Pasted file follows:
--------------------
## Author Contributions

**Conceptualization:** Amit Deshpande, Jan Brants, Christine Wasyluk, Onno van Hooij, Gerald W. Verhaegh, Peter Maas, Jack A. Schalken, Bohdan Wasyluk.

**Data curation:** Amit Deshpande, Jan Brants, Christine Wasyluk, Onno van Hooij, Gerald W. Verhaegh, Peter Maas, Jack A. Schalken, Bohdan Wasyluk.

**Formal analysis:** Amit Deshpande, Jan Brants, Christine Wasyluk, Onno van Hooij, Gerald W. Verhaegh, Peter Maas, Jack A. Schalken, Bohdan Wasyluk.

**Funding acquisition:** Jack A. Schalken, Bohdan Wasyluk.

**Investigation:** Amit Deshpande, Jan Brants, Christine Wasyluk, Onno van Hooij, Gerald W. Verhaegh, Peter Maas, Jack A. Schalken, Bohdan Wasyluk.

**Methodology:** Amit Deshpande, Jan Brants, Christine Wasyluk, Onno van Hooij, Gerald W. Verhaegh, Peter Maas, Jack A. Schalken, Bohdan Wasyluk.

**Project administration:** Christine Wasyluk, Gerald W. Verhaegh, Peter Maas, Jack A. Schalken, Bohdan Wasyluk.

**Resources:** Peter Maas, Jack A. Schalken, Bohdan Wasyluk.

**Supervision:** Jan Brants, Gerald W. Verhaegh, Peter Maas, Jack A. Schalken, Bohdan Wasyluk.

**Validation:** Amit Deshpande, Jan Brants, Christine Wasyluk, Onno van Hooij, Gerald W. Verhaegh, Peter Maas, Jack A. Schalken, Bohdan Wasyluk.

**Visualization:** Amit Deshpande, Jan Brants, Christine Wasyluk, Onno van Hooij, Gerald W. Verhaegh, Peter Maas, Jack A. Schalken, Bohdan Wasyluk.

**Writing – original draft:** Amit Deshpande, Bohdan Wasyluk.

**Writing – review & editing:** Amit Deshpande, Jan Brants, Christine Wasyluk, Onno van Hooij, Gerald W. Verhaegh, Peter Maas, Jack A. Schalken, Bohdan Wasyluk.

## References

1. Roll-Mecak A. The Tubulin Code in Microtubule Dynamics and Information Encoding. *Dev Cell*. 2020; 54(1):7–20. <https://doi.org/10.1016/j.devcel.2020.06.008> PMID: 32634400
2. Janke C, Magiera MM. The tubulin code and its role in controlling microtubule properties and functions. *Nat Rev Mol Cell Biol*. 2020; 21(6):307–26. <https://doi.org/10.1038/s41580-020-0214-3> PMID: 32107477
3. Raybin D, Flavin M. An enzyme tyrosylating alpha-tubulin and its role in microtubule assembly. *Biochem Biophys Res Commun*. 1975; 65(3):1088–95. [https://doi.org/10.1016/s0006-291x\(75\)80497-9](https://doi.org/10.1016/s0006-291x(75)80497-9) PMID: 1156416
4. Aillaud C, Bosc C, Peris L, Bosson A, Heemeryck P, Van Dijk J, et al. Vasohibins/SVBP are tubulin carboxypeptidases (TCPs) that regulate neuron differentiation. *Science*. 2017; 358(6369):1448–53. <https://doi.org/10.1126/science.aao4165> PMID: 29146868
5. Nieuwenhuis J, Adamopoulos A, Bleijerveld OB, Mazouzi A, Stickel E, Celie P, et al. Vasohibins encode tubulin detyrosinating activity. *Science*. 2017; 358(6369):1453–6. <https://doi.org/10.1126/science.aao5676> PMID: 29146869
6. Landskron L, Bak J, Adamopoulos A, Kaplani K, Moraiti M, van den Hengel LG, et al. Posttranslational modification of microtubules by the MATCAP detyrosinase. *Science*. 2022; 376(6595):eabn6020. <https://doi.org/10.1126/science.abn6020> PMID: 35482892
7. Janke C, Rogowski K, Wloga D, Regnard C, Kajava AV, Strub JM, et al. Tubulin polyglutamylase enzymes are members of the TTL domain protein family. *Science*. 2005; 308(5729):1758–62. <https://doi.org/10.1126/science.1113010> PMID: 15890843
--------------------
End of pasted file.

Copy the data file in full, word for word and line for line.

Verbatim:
## Author Contributions

**Conceptualization:** Amit Deshpande, Jan Brants, Christine Wasyluk, Onno van Hooij, Gerald W. Verhaegh, Peter Maas, Jack A. Schalken, Bohdan Wasyluk.

**Data curation:** Amit Deshpande, Jan Brants, Christine Wasyluk, Onno van Hooij, Gerald W. Verhaegh, Peter Maas, Jack A. Schalken, Bohdan Wasyluk.

**Formal analysis:** Amit Deshpande, Jan Brants, Christine Wasyluk, Onno van Hooij, Gerald W. Verhaegh, Peter Maas, Jack A. Schalken, Bohdan Wasyluk.

**Funding acquisition:** Jack A. Schalken, Bohdan Wasyluk.

**Investigation:** Amit Deshpande, Jan Brants, Christine Wasyluk, Onno van Hooij, Gerald W. Verhaegh, Peter Maas, Jack A. Schalken, Bohdan Wasyluk.

**Methodology:** Amit Deshpande, Jan Brants, Christine Wasyluk, Onno van Hooij, Gerald W. Verhaegh, Peter Maas, Jack A. Schalken, Bohdan Wasyluk.

**Project administration:** Christine Wasyluk, Gerald W. Verhaegh, Peter Maas, Jack A. Schalken, Bohdan Wasyluk.

**Resources:** Peter Maas, Jack A. Schalken, Bohdan Wasyluk.

**Supervision:** Jan Brants, Gerald W. Verhaegh, Peter Maas, Jack A. Schalken, Bohdan Wasyluk.

**Validation:** Amit Deshpande, Jan Brants, Christine Wasyluk, Onno van Hooij, Gerald W. Verhaegh, Peter Maas, Jack A. Schalken, Bohdan Wasyluk.

**Visualization:** Amit Deshpande, Jan Brants, Christine Wasyluk, Onno van Hooij, Gerald W. Verhaegh, Peter Maas, Jack A. Schalken, Bohdan Wasyluk.

**Writing – original draft:** Amit Deshpande, Bohdan Wasyluk.

**Writing – review & editing:** Amit Deshpande, Jan Brants, Christine Wasyluk, Onno van Hooij, Gerald W. Verhaegh, Peter Maas, Jack A. Schalken, Bohdan Wasyluk.

## References

1. Roll-Mecak A. The Tubulin Code in Microtubule Dynamics and Information Encoding. *Dev Cell*. 2020; 54(1):7–20. <https://doi.org/10.1016/j.devcel.2020.06.008> PMID: 32634400
2. Janke C, Magiera MM. The tubulin code and its role in controlling microtubule properties and functions. *Nat Rev Mol Cell Biol*. 2020; 21(6):307–26. <https://doi.org/10.1038/s41580-020-0214-3> PMID: 32107477
3. Raybin D, Flavin M. An enzyme tyrosylating alpha-tubulin and its role in microtubule assembly. *Biochem Biophys Res Commun*. 1975; 65(3):1088–95. [https://doi.org/10.1016/s0006-291x\(75\)80497-9](https://doi.org/10.1016/s0006-291x(75)80497-9) PMID: 1156416
4. Aillaud C, Bosc C, Peris L, Bosson A, Heemeryck P, Van Dijk J, et al. Vasohibins/SVBP are tubulin carboxypeptidases (TCPs) that regulate neuron differentiation. *Science*. 2017; 358(6369):1448–53. <https://doi.org/10.1126/science.aao4165> PMID: 29146868
5. Nieuwenhuis J, Adamopoulos A, Bleijerveld OB, Mazouzi A, Stickel E, Celie P, et al. Vasohibins encode tubulin detyrosinating activity. *Science*. 2017; 358(6369):1453–6. <https://doi.org/10.1126/science.aao5676> PMID: 29146869
6. Landskron L, Bak J, Adamopoulos A, Kaplani K, Moraiti M, van den Hengel LG, et al. Posttranslational modification of microtubules by the MATCAP detyrosinase. *Science*. 2022; 376(6595):eabn6020. <https://doi.org/10.1126/science.abn6020> PMID: 35482892
7. Janke C, Rogowski K, Wloga D, Regnard C, Kajava AV, Strub JM, et al. Tubulin polyglutamylase enzymes are members of the TTL domain protein family. *Science*. 2005; 308(5729):1758–62. <https://doi.org/10.1126/science.1113010> PMID: 15890843